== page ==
Page 406

unambiguous insurance policy in order [to] create an ambiguity where none exists." Wasson, 358 S.W.3d at 121. " If an insurance policy is unambiguous, we enforce the policy as written." Long, 351 S.W.3d at 701. However, if " the policy is ambiguous, ... the ambiguity will be resolved in favor of the coverage for the insured." Seeck, 212 S.W.3d at 134.

         I. Set-Off Language

         In his first point, Mr. Warden argues that the trial court erred in finding that the set-off language reduced the UIM coverage limit by the amount Mr. Warden received from Progressive because the set-off language is ambiguous. He contends the language is ambiguous because any ordinary person of average understanding would interpret the UIM endorsement to mean that Shelter will reduce the uncompensated damages payable to an insured by any payment from a liability insurer rather than reduce such a payment from the UIM coverage limit.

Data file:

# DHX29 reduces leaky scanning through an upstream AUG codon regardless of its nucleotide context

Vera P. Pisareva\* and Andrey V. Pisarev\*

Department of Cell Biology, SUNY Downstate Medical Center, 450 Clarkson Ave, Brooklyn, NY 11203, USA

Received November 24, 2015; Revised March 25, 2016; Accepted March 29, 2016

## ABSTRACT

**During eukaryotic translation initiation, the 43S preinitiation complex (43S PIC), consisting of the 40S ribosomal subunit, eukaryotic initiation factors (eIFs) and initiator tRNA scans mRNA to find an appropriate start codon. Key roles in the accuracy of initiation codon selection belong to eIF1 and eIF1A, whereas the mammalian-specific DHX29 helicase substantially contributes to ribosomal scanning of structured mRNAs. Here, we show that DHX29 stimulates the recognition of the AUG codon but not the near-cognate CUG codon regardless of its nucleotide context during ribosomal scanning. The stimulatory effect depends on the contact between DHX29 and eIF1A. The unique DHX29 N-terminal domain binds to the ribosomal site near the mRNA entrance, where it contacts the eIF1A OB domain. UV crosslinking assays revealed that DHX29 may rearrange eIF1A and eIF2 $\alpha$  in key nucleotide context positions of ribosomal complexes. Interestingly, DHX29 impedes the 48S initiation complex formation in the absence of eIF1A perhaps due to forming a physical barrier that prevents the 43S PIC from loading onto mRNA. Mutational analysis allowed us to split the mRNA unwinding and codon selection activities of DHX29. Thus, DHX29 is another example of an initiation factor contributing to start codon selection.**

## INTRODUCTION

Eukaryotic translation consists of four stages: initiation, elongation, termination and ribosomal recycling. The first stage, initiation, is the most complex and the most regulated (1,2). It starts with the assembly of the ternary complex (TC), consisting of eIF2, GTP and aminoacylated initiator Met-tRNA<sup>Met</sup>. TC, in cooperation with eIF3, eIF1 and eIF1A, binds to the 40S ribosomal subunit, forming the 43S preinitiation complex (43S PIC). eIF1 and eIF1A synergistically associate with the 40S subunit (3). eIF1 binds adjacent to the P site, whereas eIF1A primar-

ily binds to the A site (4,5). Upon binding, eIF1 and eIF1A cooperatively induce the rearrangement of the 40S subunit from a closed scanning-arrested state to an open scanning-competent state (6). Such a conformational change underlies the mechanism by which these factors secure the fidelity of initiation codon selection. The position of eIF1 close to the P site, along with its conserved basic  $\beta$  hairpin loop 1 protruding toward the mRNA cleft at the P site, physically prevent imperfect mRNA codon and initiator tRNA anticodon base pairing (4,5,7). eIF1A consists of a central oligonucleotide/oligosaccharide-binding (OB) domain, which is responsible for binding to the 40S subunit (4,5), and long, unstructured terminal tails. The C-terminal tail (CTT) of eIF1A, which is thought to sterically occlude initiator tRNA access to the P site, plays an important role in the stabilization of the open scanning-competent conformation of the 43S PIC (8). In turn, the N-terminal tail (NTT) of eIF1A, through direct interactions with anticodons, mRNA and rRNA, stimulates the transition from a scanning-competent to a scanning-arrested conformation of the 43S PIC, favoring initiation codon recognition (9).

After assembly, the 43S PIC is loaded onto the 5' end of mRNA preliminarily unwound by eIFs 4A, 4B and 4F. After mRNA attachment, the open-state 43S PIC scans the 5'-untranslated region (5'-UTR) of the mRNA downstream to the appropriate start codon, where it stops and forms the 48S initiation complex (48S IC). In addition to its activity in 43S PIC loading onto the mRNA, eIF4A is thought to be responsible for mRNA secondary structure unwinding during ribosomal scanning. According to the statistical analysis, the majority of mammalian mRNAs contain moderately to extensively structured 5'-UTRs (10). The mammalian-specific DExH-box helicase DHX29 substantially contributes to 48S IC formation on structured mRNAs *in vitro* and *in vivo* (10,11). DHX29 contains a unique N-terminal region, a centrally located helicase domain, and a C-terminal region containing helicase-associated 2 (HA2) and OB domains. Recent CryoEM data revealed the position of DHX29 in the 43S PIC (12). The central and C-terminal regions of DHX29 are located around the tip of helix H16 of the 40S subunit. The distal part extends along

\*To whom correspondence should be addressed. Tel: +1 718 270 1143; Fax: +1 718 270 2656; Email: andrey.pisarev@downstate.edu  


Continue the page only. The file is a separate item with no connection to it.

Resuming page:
" [T]he existence of UIM coverage and the ability of an insurer to set off stated coverage '" are determined by the contract entered between the insured and the insurer." '" Long, 351 S.W.3d at 702 (quoting Ritchie v. Allied Prop. & Cas. Ins. Co., 307 S.W.3d 132, 135 (Mo. banc 2009) (quoting Rodriguez v. Gen. Acc. Ins. Co. of Am., 808 S.W.2d 379, 383 (Mo. banc 1991))). Thus, we begin our analysis with Shelter's policy language.

INTRODUCTORY NOTE:
This coverage provides a monetary benefit that supplements the amount paid to an insured when he or she sustains a covered bodily injury. It does not cover claims based on property damage. It is important to note that the sections headed: " LIMITS OF OUR LIABILITY" and " INSURANCE WITH OTHER COMPANIES" reduce the total limits provided under this endorsement by the amount paid to an insured by the person(s) who caused the injury, or paid under another insurance policy.. You should, therefore, purchase this coverage with a monetary limit in the amount you want to ensure is ...